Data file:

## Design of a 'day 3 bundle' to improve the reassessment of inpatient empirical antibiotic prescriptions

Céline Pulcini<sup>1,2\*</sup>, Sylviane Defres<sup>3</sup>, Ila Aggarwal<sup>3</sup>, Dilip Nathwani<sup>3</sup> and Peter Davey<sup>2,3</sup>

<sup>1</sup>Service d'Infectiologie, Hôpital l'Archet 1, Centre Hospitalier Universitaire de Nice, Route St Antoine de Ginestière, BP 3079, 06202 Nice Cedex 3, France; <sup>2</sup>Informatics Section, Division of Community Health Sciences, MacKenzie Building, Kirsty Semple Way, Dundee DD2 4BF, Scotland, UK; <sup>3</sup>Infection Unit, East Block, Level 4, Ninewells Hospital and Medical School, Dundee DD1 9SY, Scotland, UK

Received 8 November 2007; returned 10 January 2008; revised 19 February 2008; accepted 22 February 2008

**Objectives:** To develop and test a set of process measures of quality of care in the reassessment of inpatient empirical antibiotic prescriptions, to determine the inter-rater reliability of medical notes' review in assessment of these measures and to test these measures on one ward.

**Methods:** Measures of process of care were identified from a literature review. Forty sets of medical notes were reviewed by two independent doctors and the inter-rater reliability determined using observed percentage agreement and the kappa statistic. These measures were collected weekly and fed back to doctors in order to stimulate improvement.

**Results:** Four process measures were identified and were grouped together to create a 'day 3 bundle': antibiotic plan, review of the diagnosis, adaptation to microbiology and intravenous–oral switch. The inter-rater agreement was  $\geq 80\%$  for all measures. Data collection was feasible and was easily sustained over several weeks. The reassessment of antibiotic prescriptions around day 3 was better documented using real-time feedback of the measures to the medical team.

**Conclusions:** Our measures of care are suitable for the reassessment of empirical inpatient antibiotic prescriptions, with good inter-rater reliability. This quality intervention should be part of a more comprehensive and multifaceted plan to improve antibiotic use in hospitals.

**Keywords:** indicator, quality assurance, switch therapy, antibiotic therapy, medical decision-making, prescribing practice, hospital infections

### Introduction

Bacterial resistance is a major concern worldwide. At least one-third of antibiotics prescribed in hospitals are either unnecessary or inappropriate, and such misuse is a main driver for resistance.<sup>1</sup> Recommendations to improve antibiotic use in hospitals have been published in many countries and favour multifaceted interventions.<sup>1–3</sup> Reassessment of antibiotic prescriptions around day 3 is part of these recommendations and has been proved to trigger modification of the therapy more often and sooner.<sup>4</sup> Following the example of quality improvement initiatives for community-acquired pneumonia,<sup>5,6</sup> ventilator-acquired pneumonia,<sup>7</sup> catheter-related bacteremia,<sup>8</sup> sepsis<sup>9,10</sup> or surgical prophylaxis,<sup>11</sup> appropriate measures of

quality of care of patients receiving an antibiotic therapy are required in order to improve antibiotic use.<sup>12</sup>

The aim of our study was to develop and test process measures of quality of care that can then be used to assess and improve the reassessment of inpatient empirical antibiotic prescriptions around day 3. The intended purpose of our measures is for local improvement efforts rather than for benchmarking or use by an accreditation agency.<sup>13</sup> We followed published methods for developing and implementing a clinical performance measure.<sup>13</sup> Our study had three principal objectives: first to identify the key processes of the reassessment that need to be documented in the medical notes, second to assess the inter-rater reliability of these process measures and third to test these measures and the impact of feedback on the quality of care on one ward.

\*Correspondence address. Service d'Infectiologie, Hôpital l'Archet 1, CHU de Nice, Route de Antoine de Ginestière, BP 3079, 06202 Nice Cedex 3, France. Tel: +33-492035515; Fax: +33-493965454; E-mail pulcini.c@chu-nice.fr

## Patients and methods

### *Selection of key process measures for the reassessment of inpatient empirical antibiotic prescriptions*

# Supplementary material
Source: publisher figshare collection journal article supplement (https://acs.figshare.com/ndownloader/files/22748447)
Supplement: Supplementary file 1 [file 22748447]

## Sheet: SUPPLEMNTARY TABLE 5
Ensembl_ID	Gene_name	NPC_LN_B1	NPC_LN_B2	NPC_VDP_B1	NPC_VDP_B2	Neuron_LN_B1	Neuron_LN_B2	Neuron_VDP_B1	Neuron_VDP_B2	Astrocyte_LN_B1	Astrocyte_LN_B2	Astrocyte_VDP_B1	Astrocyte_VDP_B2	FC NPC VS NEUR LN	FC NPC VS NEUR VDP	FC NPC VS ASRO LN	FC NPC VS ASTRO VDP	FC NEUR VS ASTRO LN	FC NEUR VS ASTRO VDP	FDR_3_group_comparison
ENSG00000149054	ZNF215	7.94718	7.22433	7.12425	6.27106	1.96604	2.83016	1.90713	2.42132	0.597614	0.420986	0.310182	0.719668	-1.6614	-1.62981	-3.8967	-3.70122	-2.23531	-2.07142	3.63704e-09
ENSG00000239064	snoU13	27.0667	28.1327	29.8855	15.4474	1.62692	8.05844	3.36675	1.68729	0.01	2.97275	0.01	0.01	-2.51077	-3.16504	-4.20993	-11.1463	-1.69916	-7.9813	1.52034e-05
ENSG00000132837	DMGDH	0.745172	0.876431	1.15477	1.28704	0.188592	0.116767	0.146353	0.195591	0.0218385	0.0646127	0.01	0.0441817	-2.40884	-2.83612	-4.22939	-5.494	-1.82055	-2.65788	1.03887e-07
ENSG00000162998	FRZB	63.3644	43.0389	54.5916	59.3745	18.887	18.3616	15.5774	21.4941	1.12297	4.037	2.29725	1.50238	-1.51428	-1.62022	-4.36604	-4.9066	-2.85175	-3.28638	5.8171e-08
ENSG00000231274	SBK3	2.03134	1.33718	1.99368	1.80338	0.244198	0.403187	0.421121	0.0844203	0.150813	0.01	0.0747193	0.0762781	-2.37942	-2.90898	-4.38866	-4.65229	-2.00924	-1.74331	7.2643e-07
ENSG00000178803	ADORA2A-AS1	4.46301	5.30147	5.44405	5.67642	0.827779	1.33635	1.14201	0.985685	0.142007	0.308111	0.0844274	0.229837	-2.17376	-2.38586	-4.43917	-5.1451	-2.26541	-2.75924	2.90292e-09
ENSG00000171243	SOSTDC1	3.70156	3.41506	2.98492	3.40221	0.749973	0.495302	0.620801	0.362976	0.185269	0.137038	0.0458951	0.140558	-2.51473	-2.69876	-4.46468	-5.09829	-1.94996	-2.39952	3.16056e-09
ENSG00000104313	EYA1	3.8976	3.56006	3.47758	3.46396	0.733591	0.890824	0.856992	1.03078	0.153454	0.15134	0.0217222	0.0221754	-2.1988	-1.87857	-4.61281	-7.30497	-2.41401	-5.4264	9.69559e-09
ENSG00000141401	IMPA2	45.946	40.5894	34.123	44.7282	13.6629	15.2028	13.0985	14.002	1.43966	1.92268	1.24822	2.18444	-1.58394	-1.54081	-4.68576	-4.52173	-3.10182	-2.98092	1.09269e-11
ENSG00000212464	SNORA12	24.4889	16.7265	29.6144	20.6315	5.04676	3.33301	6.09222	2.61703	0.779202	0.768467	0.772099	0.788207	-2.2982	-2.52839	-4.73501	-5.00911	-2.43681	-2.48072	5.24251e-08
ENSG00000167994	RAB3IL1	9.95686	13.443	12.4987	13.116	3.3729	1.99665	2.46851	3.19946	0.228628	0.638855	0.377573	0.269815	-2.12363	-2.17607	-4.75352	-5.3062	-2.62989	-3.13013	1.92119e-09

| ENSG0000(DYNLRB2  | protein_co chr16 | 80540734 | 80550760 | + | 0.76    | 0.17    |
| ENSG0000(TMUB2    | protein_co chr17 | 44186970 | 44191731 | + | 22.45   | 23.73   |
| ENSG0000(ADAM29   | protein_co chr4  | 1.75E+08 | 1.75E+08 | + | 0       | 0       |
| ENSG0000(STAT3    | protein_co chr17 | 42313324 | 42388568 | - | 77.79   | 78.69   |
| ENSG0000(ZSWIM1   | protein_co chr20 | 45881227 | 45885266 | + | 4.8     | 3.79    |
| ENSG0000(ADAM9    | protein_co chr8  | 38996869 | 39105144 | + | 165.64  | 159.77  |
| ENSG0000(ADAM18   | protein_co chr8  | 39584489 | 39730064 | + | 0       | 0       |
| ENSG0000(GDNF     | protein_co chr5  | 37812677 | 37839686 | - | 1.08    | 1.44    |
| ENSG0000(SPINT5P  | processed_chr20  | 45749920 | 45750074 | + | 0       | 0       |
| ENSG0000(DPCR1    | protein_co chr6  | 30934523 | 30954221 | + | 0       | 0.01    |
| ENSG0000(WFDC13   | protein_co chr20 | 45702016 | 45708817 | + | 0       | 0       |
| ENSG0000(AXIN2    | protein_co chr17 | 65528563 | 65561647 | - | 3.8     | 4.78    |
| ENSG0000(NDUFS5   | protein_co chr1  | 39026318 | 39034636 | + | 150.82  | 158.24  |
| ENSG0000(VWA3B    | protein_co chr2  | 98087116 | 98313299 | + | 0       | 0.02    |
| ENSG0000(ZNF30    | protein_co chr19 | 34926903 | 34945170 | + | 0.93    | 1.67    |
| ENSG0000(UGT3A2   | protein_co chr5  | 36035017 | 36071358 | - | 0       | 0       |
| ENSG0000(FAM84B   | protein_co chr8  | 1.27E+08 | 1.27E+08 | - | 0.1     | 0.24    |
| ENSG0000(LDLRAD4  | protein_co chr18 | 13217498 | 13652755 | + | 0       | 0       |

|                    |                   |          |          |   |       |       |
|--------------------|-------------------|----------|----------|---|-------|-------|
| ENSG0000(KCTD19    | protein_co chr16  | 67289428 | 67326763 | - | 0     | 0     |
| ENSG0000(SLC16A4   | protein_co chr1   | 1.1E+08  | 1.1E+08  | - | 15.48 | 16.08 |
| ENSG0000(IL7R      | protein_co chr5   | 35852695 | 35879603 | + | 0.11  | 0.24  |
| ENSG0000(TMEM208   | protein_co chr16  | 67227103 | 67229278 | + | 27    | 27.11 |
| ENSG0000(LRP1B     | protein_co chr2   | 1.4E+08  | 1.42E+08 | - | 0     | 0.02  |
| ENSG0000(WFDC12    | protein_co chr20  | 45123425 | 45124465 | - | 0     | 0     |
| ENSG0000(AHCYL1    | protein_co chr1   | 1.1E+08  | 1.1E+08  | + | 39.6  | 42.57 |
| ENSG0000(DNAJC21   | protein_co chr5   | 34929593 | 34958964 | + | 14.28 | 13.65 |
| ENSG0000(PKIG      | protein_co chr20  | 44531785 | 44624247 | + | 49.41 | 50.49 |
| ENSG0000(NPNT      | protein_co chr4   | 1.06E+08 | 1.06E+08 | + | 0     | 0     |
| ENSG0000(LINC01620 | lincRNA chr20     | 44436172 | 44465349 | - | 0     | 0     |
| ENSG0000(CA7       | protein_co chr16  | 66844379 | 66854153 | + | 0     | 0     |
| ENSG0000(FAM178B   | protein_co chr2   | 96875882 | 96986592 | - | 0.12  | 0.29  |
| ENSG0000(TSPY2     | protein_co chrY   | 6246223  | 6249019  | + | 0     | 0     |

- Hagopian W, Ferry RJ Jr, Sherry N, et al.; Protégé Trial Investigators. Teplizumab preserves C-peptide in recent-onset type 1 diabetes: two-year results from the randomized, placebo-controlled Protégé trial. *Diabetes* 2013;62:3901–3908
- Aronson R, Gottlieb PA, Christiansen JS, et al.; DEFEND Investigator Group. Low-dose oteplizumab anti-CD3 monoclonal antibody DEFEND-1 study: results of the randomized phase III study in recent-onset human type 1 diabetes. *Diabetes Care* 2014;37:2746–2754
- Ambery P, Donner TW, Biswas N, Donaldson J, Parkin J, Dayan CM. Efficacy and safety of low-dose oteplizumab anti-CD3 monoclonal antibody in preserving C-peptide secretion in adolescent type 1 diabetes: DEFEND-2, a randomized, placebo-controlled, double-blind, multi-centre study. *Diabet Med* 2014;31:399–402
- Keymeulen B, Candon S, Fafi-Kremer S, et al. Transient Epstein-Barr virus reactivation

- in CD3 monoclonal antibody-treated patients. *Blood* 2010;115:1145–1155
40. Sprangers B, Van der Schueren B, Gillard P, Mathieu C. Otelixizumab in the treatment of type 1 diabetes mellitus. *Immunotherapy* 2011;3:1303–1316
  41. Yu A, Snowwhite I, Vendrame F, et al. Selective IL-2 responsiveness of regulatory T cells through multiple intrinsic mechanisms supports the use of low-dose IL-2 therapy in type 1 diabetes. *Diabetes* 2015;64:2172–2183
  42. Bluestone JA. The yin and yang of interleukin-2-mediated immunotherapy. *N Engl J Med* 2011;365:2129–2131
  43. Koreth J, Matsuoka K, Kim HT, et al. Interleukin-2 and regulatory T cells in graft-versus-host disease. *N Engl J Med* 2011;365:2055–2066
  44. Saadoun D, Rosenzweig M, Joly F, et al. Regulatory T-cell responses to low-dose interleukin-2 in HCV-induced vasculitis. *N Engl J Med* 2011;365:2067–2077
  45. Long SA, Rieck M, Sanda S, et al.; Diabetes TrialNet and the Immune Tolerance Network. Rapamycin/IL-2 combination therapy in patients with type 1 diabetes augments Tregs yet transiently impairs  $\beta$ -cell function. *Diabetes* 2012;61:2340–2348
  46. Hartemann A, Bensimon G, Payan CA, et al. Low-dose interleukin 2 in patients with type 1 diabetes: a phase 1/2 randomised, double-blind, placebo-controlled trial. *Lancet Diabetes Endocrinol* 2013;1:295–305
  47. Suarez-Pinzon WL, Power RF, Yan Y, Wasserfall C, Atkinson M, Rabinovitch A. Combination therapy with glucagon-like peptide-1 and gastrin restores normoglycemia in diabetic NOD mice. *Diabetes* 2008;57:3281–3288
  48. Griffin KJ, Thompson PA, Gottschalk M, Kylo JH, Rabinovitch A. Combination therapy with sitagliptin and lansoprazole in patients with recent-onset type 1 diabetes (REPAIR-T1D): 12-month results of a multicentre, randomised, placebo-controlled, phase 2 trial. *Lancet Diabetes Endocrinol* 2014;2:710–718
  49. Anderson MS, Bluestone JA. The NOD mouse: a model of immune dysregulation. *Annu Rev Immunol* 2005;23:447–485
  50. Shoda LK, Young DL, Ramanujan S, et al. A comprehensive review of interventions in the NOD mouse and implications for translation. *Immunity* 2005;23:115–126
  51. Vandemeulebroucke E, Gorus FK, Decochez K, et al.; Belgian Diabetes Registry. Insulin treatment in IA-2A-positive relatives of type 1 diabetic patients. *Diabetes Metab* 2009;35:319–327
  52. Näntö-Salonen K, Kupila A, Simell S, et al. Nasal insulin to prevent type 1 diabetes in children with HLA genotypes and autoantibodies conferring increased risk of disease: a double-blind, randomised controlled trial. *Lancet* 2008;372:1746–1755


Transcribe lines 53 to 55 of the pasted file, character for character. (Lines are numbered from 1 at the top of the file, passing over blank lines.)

| ENSG0000(KCTD19    | protein_co chr16  | 67289428 | 67326763 | - | 0     | 0     |
| ENSG0000(SLC16A4   | protein_co chr1   | 1.1E+08  | 1.1E+08  | - | 15.48 | 16.08 |
| ENSG0000(IL7R      | protein_co chr5   | 35852695 | 35879603 | + | 0.11  | 0.24  |